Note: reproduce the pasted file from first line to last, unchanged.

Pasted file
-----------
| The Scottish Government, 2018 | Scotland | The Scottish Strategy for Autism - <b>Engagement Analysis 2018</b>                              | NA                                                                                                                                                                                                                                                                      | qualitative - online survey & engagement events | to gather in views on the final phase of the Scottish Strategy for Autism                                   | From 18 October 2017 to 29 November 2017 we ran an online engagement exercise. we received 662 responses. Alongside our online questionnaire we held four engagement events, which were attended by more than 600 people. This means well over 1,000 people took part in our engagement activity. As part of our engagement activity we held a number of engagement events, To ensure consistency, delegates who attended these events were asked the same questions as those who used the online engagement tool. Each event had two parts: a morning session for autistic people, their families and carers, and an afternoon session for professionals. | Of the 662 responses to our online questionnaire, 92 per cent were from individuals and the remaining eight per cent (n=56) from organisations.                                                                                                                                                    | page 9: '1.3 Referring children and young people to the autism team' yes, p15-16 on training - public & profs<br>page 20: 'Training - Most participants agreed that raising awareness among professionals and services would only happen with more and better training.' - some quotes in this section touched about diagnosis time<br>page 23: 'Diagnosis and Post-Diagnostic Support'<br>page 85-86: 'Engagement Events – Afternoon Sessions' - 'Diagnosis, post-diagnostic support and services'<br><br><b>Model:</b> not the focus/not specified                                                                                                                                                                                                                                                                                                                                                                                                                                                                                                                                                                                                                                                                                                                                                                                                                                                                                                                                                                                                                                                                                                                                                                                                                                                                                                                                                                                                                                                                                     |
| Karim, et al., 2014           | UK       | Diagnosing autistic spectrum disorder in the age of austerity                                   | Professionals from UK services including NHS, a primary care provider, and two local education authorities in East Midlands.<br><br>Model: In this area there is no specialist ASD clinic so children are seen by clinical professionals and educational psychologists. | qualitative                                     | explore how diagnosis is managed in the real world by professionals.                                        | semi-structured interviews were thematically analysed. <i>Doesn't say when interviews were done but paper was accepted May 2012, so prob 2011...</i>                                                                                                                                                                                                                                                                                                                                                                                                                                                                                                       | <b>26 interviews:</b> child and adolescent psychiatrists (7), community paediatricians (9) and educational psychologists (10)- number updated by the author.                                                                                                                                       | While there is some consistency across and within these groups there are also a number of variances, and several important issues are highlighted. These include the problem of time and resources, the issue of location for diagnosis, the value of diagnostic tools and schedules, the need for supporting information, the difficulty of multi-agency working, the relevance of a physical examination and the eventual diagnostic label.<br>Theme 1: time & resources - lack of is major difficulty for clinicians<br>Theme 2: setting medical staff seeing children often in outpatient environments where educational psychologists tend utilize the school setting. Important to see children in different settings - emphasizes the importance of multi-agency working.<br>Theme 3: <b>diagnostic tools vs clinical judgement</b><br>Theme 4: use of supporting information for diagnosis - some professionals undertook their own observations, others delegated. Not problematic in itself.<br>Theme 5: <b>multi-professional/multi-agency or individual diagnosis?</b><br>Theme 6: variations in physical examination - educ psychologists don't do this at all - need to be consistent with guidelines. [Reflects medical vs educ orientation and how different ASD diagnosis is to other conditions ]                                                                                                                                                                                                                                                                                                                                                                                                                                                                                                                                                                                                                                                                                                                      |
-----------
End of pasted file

| The Scottish Government, 2018 | Scotland | The Scottish Strategy for Autism - <b>Engagement Analysis 2018</b>                              | NA                                                                                                                                                                                                                                                                      | qualitative - online survey & engagement events | to gather in views on the final phase of the Scottish Strategy for Autism                                   | From 18 October 2017 to 29 November 2017 we ran an online engagement exercise. we received 662 responses. Alongside our online questionnaire we held four engagement events, which were attended by more than 600 people. This means well over 1,000 people took part in our engagement activity. As part of our engagement activity we held a number of engagement events, To ensure consistency, delegates who attended these events were asked the same questions as those who used the online engagement tool. Each event had two parts: a morning session for autistic people, their families and carers, and an afternoon session for professionals. | Of the 662 responses to our online questionnaire, 92 per cent were from individuals and the remaining eight per cent (n=56) from organisations.                                                                                                                                                    | page 9: '1.3 Referring children and young people to the autism team' yes, p15-16 on training - public & profs<br>page 20: 'Training - Most participants agreed that raising awareness among professionals and services would only happen with more and better training.' - some quotes in this section touched about diagnosis time<br>page 23: 'Diagnosis and Post-Diagnostic Support'<br>page 85-86: 'Engagement Events – Afternoon Sessions' - 'Diagnosis, post-diagnostic support and services'<br><br><b>Model:</b> not the focus/not specified                                                                                                                                                                                                                                                                                                                                                                                                                                                                                                                                                                                                                                                                                                                                                                                                                                                                                                                                                                                                                                                                                                                                                                                                                                                                                                                                                                                                                                                                                     |
| Karim, et al., 2014           | UK       | Diagnosing autistic spectrum disorder in the age of austerity                                   | Professionals from UK services including NHS, a primary care provider, and two local education authorities in East Midlands.<br><br>Model: In this area there is no specialist ASD clinic so children are seen by clinical professionals and educational psychologists. | qualitative                                     | explore how diagnosis is managed in the real world by professionals.                                        | semi-structured interviews were thematically analysed. <i>Doesn't say when interviews were done but paper was accepted May 2012, so prob 2011...</i>                                                                                                                                                                                                                                                                                                                                                                                                                                                                                                       | <b>26 interviews:</b> child and adolescent psychiatrists (7), community paediatricians (9) and educational psychologists (10)- number updated by the author.                                                                                                                                       | While there is some consistency across and within these groups there are also a number of variances, and several important issues are highlighted. These include the problem of time and resources, the issue of location for diagnosis, the value of diagnostic tools and schedules, the need for supporting information, the difficulty of multi-agency working, the relevance of a physical examination and the eventual diagnostic label.<br>Theme 1: time & resources - lack of is major difficulty for clinicians<br>Theme 2: setting medical staff seeing children often in outpatient environments where educational psychologists tend utilize the school setting. Important to see children in different settings - emphasizes the importance of multi-agency working.<br>Theme 3: <b>diagnostic tools vs clinical judgement</b><br>Theme 4: use of supporting information for diagnosis - some professionals undertook their own observations, others delegated. Not problematic in itself.<br>Theme 5: <b>multi-professional/multi-agency or individual diagnosis?</b><br>Theme 6: variations in physical examination - educ psychologists don't do this at all - need to be consistent with guidelines. [Reflects medical vs educ orientation and how different ASD diagnosis is to other conditions ]                                                                                                                                                                                                                                                                                                                                                                                                                                                                                                                                                                                                                                                                                                                      |